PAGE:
This week the legislature’s bipartisan redistricting committee, which is constitutionally mandated to be equally divided between the parties, blew their second deadline. No one’s particularly surprised by this, and now the lines will be drawn by the state Supreme Court. It’s frankly amazing that the committee got as close as they did, considering the contentious history of redistricting in Connecticut. But in the end they couldn’t quite agree on the lines in a baker’s dozen of towns; so much for hopes of bipartisan harmony.
It was a noteworthy failure during a year of remarkable legislative success. In years past, the legislature has seemed more like an unmotivated slug than a lawmaking body, but 2011 was different. The legislature’s achievement list is long, from a controversial spending package to transgender rights to a jobs bill passed during September’s special session, and very surprising considering how moribund the legislature became during the latter years of the Rell administration. The major change? The House, Senate and governorship are all controlled by the same party for the first time in decades. Maybe divided government and bipartisanship isn’t all its cracked up to be.
Americans tend to like the idea of divided government and bipartisan cooperation. We often believe that having both parties in control of various branches of the government is more representative and forces compromise and moderation. It’s a lovely idea, and it speaks to some of our most fundamental beliefs about fairness, democracy and cooperation. We want to believe that reasonable representatives of the people with differing views and backgrounds can work together and compromise for the good of the nation, and our system is set up with this ideal in mind. That’s why, for instance, the redistricting process in Connecticut involves a committee equally divided between parties. The result is supposed to be more fair and equitable.
Sometimes divided government works well, and it can lead to crucial breakthroughs and reforms. Gov. William A. O’Neill, for example, got along very well with the Republicans who took brief control of the state legislature following the Reagan landslide in 1984. That legislature enacted tax cuts, got rid of the party lever on voting machines, and drastically reformed teacher salaries and the way education in Connecticut is funded. Divided government under President Bill Clinton in the mid to late 1990s was also surprisingly productive despite the intense animosity most Republicans felt for Clinton.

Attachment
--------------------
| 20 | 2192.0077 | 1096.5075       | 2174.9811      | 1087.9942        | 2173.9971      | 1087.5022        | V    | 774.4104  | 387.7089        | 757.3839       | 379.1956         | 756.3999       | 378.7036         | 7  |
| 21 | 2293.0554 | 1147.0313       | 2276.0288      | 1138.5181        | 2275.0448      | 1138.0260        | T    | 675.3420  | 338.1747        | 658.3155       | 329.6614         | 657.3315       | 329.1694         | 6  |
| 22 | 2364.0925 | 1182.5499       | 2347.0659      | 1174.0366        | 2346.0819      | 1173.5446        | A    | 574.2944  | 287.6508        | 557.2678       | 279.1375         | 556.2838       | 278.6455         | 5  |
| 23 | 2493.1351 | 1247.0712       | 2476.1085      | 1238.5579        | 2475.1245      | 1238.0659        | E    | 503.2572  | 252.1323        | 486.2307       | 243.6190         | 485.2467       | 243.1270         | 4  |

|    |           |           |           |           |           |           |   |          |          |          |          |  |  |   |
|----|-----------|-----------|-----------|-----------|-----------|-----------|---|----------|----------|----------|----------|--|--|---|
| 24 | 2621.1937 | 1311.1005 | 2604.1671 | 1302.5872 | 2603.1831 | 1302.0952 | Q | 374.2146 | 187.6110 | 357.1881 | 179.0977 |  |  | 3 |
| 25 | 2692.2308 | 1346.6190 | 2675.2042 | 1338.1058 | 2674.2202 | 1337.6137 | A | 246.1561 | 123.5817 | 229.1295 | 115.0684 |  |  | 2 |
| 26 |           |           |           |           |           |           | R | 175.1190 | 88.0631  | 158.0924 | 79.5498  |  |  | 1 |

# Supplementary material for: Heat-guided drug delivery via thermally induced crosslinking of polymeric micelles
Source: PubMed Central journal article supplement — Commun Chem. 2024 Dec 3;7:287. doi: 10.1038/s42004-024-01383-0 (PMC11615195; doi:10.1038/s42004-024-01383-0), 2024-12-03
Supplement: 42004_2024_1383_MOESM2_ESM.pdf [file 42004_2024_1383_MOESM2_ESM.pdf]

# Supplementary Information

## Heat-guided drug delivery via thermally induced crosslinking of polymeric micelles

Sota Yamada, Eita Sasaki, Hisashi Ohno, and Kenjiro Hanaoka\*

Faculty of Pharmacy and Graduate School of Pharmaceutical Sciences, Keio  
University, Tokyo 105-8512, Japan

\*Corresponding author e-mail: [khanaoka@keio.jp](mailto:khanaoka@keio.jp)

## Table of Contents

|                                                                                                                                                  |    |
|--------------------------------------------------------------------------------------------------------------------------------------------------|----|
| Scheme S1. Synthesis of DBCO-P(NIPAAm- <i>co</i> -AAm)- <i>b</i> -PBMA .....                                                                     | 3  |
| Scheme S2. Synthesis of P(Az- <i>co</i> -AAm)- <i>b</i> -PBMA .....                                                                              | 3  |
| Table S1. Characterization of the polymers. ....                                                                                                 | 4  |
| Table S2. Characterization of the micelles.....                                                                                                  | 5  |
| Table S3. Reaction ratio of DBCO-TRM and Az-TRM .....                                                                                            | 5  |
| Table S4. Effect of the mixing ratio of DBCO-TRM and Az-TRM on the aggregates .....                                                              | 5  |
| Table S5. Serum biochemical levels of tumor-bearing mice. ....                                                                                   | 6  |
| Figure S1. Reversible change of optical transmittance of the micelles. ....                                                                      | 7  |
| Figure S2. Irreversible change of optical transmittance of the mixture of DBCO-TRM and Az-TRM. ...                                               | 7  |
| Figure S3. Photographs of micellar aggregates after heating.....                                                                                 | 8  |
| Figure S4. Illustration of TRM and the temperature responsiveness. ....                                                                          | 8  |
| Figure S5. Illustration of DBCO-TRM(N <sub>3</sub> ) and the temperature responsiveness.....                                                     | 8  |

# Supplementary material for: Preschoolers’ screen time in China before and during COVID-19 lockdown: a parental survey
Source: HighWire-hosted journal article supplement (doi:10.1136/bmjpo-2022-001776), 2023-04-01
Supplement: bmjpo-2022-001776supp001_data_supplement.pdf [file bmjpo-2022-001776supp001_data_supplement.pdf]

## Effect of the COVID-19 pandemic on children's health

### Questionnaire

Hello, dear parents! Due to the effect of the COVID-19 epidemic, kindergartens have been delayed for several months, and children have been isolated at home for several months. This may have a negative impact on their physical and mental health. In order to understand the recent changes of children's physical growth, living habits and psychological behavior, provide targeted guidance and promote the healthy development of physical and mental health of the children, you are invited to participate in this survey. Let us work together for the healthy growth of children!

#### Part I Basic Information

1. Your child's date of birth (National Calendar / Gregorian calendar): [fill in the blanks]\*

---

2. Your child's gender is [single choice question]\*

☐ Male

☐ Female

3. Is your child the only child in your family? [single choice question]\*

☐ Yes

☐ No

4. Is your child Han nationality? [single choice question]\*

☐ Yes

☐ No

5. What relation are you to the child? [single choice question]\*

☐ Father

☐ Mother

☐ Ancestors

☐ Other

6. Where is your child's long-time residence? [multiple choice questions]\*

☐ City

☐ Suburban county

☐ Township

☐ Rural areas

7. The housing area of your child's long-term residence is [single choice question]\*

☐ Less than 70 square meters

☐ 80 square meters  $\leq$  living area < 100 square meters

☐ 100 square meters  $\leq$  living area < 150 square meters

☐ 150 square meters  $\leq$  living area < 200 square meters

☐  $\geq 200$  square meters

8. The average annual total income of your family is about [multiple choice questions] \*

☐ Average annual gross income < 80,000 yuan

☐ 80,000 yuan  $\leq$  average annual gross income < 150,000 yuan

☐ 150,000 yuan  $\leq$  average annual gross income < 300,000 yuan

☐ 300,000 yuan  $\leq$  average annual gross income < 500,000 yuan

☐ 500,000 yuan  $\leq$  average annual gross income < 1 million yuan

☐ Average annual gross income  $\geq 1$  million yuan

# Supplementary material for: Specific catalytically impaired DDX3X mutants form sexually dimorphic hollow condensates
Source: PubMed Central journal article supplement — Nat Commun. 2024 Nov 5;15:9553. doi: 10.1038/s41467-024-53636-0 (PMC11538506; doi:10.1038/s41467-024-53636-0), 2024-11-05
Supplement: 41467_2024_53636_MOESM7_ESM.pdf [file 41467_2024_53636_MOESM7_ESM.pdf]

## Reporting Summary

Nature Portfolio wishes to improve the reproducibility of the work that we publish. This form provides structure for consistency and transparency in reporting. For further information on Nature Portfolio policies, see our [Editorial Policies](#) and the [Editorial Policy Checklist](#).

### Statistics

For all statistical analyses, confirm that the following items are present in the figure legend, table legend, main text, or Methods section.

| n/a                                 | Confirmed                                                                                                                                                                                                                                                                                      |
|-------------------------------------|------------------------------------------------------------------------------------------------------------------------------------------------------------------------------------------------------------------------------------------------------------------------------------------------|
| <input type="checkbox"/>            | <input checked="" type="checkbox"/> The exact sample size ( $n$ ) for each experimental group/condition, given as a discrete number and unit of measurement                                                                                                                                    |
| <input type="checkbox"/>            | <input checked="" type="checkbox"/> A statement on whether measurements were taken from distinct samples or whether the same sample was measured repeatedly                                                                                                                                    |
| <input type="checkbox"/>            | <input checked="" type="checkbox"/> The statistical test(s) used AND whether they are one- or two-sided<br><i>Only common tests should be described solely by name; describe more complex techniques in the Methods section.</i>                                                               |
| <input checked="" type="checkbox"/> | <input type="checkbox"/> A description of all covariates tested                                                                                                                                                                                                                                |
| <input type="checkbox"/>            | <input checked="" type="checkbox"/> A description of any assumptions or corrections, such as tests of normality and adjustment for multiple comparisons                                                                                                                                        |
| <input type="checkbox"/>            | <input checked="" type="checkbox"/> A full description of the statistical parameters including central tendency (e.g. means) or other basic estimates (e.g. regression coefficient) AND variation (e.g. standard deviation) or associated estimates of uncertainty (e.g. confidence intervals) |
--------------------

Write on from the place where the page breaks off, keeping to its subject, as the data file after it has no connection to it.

Clearly, therefore, bipartisan cooperation between divided branches of government can and has worked in the past, and will likely work again. But the merits of bipartisanship are still somewhat dubious. In Connecticut, the redistricting process more often than not ends up in a contentious court fight instead of bipartisan agreement. In the 1970s, the matter eventually went before the Supreme Court. The current Congress more than proves how difficult divided government can be, as well. It’s easy to get trapped in the tactics of blocking and postponing, hoping for the next election to swing your party’s way. This is what Democrats did when they held all or some of Congress under President George W. Bush, and Republicans are doing the same, magnified exponentially, now. In fact, because of the way our system tries to force compromise, Senate Republicans have been essentially doing this for President Obama’s entire term by filibustering when they could and blocking appointments. Our increasingly partisan politics makes the kind of compromise that makes our system function far more difficult under divided government.
The big drawback, or maybe the greatest strength, of our system is the expectation that at some point we’ll put down our differences and work together. In the case of the redistricting committee, they almost made it. But in the end they couldn’t quite get there, and they punted. Congress is doing the same thing on issue after issue.
So what’s the solution to gridlock and partisan dysfunction? Redistricting, once it’s out of the hands of the partisans, might be part of a solution. More competitive districts tend to produce less partisan representatives. Another solution might be found at the ballot box next election season. Republicans might find that voters don’t appreciate the kinds of tactics they’re using and punish them for it, as they did during the farce of the Clinton impeachment trial. Extended rule by a single party, such as is the case in countries with parliamentary systems, doesn’t feel particular comfortable to Americans. But if the current problems persist, we may decide that stability is worth temporarily giving up on the ideal of a divided, cooperative government.
Susan Bigelow is the former owner of CTLocalPolitics and an author. She lives in Enfield with her wife and cats.